Iron Shoes for Rough Roads
by J. R. Miller
The matter of shoes is important. Especially is this true when the roads are rough and hard. We cannot then get along without something strong and comfortable to wear on our feet. One would scarcely expect to find anything in the Bible about such a need as this. Yet it only shows how truly the Bible is fitted to all our actual life to discover in it a promise referring to shoes.
In the blessing of Moses, pronounced before his death upon the several tribes, there was this among other things for Asher: "Your shoes shall be iron." A little geographical note will help to make the meaning plain. Part of Asher's allotted portion was hilly and rugged. Common sandals, made of wood or leather, would not endure the wear and tear of the sharp, flinty rocks. There was need, therefore, for some special kind of shoes. Hence the form of the promise: "Your shoes shall be iron."
Bible words, which took the most vivid local coloring from the particular circumstances in which they were originally spoken, are yet as true for us as they were for those to whom they first came. We have only to get disentangled from the local allusions the real heart of the meaning of the words, and we have an eternal promise which every child of God may claim.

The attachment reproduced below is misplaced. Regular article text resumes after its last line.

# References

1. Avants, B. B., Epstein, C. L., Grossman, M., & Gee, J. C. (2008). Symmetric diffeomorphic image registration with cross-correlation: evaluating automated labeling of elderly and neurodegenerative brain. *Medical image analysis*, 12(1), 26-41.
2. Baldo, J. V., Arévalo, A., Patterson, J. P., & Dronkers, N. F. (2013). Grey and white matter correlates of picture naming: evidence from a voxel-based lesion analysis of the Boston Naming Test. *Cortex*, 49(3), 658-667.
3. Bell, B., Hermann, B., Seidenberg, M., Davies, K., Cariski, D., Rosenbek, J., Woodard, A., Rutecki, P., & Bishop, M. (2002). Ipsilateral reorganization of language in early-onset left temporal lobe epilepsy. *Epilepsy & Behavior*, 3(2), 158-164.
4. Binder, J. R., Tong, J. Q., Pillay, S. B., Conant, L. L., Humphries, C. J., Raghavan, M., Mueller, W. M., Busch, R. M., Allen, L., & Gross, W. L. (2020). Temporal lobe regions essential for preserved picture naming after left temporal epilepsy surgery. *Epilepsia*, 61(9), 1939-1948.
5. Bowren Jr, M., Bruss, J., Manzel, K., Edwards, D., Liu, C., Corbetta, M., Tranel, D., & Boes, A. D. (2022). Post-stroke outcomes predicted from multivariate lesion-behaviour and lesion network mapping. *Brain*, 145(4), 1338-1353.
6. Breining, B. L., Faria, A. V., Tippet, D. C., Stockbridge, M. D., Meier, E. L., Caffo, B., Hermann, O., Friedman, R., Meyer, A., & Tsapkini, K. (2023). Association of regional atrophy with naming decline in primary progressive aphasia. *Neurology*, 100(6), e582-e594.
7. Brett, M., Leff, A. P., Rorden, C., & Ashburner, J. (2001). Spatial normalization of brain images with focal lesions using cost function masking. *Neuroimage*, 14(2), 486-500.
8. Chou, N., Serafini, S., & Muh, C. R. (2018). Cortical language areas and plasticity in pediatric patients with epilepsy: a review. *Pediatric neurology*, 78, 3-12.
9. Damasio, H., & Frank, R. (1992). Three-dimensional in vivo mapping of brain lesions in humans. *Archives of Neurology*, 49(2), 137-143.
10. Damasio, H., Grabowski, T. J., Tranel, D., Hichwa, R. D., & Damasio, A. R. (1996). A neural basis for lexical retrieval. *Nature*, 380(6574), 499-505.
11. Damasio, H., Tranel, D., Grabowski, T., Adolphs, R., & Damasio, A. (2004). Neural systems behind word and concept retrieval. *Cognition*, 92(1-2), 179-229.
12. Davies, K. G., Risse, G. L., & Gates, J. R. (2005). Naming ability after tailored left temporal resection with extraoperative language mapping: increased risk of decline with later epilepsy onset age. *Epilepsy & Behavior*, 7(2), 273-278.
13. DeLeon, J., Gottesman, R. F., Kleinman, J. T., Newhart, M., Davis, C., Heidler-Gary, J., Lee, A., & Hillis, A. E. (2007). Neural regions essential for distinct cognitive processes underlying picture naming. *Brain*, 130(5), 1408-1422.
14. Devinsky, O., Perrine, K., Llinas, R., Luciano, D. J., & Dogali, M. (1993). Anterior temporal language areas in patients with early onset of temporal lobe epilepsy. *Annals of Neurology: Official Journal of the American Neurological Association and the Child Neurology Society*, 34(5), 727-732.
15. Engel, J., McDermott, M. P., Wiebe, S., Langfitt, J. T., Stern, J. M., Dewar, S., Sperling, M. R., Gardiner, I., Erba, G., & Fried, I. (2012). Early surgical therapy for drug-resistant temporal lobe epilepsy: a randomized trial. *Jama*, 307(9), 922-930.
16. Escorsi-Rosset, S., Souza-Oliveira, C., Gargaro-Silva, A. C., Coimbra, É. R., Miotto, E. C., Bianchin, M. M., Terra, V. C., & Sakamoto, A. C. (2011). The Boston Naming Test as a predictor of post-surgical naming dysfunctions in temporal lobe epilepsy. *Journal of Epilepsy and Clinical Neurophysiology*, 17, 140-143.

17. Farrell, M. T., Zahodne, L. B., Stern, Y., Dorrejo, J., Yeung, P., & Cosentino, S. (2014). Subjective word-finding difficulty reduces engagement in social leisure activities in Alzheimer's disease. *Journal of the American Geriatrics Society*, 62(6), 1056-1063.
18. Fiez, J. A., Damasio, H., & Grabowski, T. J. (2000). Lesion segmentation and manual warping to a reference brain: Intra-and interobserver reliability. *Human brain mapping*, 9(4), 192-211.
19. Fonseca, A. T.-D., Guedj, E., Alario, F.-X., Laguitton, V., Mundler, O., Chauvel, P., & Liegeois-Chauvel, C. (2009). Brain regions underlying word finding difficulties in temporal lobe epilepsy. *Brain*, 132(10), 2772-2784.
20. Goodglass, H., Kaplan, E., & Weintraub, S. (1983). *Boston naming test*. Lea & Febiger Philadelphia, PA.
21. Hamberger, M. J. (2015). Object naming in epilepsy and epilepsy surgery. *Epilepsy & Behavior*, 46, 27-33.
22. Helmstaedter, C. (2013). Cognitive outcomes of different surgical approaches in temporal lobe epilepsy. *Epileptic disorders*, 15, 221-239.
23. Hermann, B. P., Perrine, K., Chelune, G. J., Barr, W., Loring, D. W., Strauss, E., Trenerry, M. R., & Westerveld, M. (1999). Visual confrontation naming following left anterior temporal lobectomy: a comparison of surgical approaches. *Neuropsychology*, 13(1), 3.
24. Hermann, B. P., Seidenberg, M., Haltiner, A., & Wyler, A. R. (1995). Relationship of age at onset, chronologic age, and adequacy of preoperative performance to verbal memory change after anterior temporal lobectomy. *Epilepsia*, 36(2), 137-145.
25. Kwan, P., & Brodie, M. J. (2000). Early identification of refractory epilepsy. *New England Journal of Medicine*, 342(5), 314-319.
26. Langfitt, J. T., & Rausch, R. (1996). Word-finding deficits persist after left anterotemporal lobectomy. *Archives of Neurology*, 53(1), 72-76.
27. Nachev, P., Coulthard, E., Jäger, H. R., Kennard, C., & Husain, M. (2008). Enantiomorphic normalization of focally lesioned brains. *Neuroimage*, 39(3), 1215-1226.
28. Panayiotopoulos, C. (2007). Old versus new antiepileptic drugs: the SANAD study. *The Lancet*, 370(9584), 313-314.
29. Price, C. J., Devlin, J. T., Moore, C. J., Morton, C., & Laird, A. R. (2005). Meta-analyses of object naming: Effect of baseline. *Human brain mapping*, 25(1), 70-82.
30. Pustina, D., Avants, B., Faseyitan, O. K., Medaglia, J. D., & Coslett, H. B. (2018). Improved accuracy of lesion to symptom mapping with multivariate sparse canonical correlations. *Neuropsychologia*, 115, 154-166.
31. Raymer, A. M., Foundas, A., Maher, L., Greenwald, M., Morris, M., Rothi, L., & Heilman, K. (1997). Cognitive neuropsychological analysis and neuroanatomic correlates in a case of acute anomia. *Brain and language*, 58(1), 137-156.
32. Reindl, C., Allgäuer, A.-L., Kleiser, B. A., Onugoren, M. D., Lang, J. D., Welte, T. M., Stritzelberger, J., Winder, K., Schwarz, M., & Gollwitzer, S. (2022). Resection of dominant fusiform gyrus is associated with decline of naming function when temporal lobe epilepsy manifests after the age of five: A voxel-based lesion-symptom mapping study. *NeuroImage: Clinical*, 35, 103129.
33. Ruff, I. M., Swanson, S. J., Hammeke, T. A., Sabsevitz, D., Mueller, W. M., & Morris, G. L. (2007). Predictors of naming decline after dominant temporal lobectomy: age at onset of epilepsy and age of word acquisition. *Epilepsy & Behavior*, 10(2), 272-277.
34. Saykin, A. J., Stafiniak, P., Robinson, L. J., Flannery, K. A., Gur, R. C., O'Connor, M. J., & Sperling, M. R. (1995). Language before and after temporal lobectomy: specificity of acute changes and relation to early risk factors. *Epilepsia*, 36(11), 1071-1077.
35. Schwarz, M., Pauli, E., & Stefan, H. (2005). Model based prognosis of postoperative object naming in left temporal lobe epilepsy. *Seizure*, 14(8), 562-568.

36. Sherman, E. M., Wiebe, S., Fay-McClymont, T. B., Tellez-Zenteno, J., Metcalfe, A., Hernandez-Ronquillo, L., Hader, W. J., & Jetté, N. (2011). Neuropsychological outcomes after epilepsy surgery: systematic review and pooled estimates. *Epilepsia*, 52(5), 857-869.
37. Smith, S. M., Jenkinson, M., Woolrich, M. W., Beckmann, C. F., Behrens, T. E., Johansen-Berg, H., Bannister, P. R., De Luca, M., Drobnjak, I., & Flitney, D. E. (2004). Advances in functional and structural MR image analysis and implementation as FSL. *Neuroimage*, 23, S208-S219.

Turning, then, this ancient promise, into a word for nineteenth-century pilgrims, we get from it some important suggestions. For one thing it tells us that we may have some rugged pieces of road before we get to the end of our life-journey. If not, what need would there be for iron shoes? If the way is to be flower-strewn, then velvet slippers would do. No man needs iron-soled shoes for a walk through a soft meadow. The Christian journey is not all easy. Indeed, the Christian life is never easy. No one can live nobly and worthily without struggle, battle, self-denial. One may find easy ways—but they are not the worthiest ways. They do not lead upward to the noblest things. One reason why many people never grasp the visions of beauty and splendor which shine before them in early years, is because they have not courage for rough climbing. We shall need our iron shoes—if we are to make the journey which leads upward to the best possibilities of our life.